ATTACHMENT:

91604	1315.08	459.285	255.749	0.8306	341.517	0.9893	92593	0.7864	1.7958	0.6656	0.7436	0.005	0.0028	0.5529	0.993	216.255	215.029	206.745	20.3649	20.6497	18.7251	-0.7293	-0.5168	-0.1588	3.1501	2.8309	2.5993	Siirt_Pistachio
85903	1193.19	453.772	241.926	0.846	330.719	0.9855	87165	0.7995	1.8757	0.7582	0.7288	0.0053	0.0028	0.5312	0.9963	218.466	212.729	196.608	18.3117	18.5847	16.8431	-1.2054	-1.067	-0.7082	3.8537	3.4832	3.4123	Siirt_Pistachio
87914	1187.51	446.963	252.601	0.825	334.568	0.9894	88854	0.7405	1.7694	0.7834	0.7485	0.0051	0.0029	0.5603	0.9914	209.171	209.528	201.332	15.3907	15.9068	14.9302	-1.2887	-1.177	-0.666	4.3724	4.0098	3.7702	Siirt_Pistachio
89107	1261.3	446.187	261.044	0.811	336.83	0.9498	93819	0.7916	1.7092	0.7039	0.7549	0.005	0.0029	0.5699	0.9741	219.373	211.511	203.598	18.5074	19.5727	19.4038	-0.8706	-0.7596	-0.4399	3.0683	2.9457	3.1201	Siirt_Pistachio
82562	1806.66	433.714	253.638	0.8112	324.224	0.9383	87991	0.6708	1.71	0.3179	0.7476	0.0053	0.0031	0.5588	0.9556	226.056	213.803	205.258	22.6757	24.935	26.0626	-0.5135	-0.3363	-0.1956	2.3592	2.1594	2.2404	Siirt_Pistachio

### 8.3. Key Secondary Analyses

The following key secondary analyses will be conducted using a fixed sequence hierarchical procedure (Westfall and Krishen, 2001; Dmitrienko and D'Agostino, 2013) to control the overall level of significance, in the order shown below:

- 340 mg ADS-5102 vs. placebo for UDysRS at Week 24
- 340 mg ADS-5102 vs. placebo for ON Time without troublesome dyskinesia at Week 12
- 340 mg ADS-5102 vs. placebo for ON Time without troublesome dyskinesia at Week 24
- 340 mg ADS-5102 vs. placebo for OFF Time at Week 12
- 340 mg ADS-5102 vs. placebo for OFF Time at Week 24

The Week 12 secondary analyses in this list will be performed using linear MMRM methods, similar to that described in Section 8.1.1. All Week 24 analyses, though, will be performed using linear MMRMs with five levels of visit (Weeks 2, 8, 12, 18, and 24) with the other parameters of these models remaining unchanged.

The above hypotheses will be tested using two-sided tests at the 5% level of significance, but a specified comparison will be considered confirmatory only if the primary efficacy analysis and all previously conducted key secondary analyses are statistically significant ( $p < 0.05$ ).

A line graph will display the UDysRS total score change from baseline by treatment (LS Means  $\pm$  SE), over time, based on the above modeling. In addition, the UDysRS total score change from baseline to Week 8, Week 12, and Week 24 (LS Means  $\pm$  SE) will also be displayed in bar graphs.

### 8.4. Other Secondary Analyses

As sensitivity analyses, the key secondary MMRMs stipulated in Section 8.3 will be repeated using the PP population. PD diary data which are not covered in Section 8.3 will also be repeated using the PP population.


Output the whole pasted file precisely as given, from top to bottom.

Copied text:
91604	1315.08	459.285	255.749	0.8306	341.517	0.9893	92593	0.7864	1.7958	0.6656	0.7436	0.005	0.0028	0.5529	0.993	216.255	215.029	206.745	20.3649	20.6497	18.7251	-0.7293	-0.5168	-0.1588	3.1501	2.8309	2.5993	Siirt_Pistachio
85903	1193.19	453.772	241.926	0.846	330.719	0.9855	87165	0.7995	1.8757	0.7582	0.7288	0.0053	0.0028	0.5312	0.9963	218.466	212.729	196.608	18.3117	18.5847	16.8431	-1.2054	-1.067	-0.7082	3.8537	3.4832	3.4123	Siirt_Pistachio
87914	1187.51	446.963	252.601	0.825	334.568	0.9894	88854	0.7405	1.7694	0.7834	0.7485	0.0051	0.0029	0.5603	0.9914	209.171	209.528	201.332	15.3907	15.9068	14.9302	-1.2887	-1.177	-0.666	4.3724	4.0098	3.7702	Siirt_Pistachio
89107	1261.3	446.187	261.044	0.811	336.83	0.9498	93819	0.7916	1.7092	0.7039	0.7549	0.005	0.0029	0.5699	0.9741	219.373	211.511	203.598	18.5074	19.5727	19.4038	-0.8706	-0.7596	-0.4399	3.0683	2.9457	3.1201	Siirt_Pistachio
82562	1806.66	433.714	253.638	0.8112	324.224	0.9383	87991	0.6708	1.71	0.3179	0.7476	0.0053	0.0031	0.5588	0.9556	226.056	213.803	205.258	22.6757	24.935	26.0626	-0.5135	-0.3363	-0.1956	2.3592	2.1594	2.2404	Siirt_Pistachio

### 8.3. Key Secondary Analyses

The following key secondary analyses will be conducted using a fixed sequence hierarchical procedure (Westfall and Krishen, 2001; Dmitrienko and D'Agostino, 2013) to control the overall level of significance, in the order shown below:

- 340 mg ADS-5102 vs. placebo for UDysRS at Week 24
- 340 mg ADS-5102 vs. placebo for ON Time without troublesome dyskinesia at Week 12
- 340 mg ADS-5102 vs. placebo for ON Time without troublesome dyskinesia at Week 24
- 340 mg ADS-5102 vs. placebo for OFF Time at Week 12
- 340 mg ADS-5102 vs. placebo for OFF Time at Week 24

The Week 12 secondary analyses in this list will be performed using linear MMRM methods, similar to that described in Section 8.1.1. All Week 24 analyses, though, will be performed using linear MMRMs with five levels of visit (Weeks 2, 8, 12, 18, and 24) with the other parameters of these models remaining unchanged.

The above hypotheses will be tested using two-sided tests at the 5% level of significance, but a specified comparison will be considered confirmatory only if the primary efficacy analysis and all previously conducted key secondary analyses are statistically significant ( $p < 0.05$ ).

A line graph will display the UDysRS total score change from baseline by treatment (LS Means  $\pm$  SE), over time, based on the above modeling. In addition, the UDysRS total score change from baseline to Week 8, Week 12, and Week 24 (LS Means  $\pm$  SE) will also be displayed in bar graphs.

### 8.4. Other Secondary Analyses

As sensitivity analyses, the key secondary MMRMs stipulated in Section 8.3 will be repeated using the PP population. PD diary data which are not covered in Section 8.3 will also be repeated using the PP population.